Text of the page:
• The integration of databases and information from other projects, in particular from the HNS-MS project.
  • The update of the chemical database and relevant emergency guides.
  • The update of the accident database.
  • The integration of the “Marine HNS Response Manual, Multi-regional Bonn Agreement, HELCOM, REMPEC” in the upgraded decision support trees feature.
  • The development of a stand-alone application of MIDSIS-TROCS 4.0 both on workstations (laptop, computer) and mobile phones, tablet (App) to satisfy the needs of operational personnel, who would require information onsite without access to internet.


When a hazardous material marine spill has occurred or is likely to occur, certain decisions need to be taken related to plausible response measures. This tool, designed as a reference for use in the field (downloadable offline application) or office (Online version), aims at assisting responders to take well informed decision when responding to marine chemical emergencies.

The tool contains response options presented in decision-tree format which are complemented with tables, matrices and diagrams, some of which derive from actual experiences on marine incident sites. The decision-trees are based on the behaviour classification system for chemicals spilled at sea which is a scheme accepted by the International Maritime Organization and other regional arrangements for combating accidental marine pollution. Other sections includes information on the behaviour of commonly transported chemicals, the compatibility of chemicals, the resistance of equipment material to chemicals and safety precautions when entering spill sites.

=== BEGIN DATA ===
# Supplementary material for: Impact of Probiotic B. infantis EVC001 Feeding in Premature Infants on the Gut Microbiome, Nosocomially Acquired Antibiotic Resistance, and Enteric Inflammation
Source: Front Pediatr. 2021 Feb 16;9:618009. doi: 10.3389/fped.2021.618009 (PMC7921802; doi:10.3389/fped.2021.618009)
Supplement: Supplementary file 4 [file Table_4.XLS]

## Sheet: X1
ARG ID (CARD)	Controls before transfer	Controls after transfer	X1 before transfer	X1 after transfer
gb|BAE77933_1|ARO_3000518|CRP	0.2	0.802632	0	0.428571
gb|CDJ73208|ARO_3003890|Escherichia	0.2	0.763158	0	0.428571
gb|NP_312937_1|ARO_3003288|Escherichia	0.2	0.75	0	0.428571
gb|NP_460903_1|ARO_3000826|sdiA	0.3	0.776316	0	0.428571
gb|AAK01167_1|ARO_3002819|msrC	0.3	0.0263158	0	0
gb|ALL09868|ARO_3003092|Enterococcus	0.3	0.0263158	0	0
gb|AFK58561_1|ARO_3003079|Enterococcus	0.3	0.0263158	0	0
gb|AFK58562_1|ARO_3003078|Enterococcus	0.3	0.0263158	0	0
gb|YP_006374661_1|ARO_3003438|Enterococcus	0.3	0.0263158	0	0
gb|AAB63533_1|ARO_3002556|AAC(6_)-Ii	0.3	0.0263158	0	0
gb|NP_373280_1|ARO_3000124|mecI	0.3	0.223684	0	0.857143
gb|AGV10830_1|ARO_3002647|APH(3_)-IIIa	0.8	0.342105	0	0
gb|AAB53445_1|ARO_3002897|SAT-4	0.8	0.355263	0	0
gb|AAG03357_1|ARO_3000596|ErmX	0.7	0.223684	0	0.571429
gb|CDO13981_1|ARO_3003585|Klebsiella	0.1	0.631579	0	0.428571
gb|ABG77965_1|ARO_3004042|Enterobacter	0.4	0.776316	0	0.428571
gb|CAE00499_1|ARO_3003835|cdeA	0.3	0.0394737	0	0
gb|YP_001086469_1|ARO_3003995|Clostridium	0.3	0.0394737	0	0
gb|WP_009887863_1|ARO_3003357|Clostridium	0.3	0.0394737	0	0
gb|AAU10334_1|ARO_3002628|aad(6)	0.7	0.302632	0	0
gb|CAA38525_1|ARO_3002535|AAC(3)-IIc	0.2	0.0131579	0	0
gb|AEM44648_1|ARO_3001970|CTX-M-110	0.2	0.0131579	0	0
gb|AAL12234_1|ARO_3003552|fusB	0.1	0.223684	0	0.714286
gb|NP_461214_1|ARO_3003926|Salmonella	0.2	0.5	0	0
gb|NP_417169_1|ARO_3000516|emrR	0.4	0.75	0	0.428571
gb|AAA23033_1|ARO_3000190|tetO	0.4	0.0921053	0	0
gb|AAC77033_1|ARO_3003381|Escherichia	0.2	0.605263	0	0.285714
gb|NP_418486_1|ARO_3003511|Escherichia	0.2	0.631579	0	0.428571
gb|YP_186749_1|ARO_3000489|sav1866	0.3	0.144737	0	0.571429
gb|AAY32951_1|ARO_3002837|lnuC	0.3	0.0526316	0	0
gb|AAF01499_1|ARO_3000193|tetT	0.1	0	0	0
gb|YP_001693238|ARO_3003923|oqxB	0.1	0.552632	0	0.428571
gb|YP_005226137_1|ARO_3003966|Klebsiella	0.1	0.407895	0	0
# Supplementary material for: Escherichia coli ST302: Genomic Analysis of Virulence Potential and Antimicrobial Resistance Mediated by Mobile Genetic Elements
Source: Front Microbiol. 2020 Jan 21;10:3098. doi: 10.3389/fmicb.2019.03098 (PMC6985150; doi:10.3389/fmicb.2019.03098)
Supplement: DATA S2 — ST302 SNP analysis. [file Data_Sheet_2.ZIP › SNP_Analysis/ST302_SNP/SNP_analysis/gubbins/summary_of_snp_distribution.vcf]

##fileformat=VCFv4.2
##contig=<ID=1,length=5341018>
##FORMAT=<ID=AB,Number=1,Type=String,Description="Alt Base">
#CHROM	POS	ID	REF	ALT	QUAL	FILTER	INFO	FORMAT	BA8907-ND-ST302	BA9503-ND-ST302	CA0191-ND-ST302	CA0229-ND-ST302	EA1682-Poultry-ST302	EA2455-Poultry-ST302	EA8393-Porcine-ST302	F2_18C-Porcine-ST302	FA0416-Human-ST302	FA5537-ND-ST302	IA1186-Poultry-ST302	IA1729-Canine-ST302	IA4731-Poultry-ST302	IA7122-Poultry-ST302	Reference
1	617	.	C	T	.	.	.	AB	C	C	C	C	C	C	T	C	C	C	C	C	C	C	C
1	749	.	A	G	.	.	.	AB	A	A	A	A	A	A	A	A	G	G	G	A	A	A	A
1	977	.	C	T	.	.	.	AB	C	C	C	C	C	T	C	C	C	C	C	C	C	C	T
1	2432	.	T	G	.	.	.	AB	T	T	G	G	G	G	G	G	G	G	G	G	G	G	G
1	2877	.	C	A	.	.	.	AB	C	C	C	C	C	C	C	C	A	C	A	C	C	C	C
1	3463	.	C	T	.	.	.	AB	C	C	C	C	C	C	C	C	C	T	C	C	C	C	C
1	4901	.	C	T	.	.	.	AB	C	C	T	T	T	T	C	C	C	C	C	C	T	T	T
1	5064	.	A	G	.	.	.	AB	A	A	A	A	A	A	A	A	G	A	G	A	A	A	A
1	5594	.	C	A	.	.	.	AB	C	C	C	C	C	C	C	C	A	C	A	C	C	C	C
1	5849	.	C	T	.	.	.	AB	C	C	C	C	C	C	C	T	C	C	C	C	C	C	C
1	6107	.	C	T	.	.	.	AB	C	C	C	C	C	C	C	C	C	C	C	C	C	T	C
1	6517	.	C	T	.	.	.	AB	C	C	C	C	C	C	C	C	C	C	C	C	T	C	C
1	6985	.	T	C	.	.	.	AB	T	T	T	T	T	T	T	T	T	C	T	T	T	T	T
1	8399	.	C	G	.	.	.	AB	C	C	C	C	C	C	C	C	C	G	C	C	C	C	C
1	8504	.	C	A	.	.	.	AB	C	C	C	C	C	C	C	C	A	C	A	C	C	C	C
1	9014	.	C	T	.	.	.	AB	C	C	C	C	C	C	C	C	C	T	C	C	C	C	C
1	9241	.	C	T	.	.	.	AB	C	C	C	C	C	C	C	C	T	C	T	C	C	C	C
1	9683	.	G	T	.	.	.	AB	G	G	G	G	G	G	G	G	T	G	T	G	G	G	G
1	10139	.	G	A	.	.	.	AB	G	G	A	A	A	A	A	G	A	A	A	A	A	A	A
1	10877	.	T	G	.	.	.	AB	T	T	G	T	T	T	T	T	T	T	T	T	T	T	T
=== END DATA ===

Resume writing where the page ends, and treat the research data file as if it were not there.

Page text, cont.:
The main added value of this tool in comparison with other existing HNS tools is the availability of accidents reports linked to a specific chemical. Some incident reports are integrated in MIDSIS-TROCS'database whilst other incident information available on reliable websites are linked to MIDSIS TROCS which is used as a network information platform on HNS incidents reports. Likewise and with a view to provide complementary information on the chemical, the tool provides easy access to other existing chemical database such as CAMEO and WISER (Wireless Information System for Emergency Responders) respectively developed by the National Oceanographic and Atmospheric Administration (NOAA) and the United States National Library of Medicine (NLM) and other relevant documentation as the Chemical response guides of CEDRE.

The tool is a compilation of information originating from different sources which the Centre has assembled to reflect the current state-of-the-art for responding to marine chemical emergencies, with the hope that the final product is a workable tool to the end-user. Information sources used include work originating from: International Maritime Organization (IMO), Helsinki Commission - Baltic Marine Environment Protection Commission , Bonn Agreement, Centre de Documentation de Recherche et d'Experimentations sur les Pollutions Accidentelles des Eaux (CEDRE), Transport Canada (CANUTEC), Environment Canada, Emergency Services College, Finland, Hellenic Marine Environment Protection Association (HELMEPA), Nordic Council of Ministers and the Finnish Ministry of Interior, North Sea Directorate, Oil Companies International Marine Forum (OCIMF), Society of International Gas Tanker and Terminal Operators Ltd. (SIGTTO), Swedish Coast Guard and United States Coast Guard, and the Royal Belgian Institute of Natural Sciences.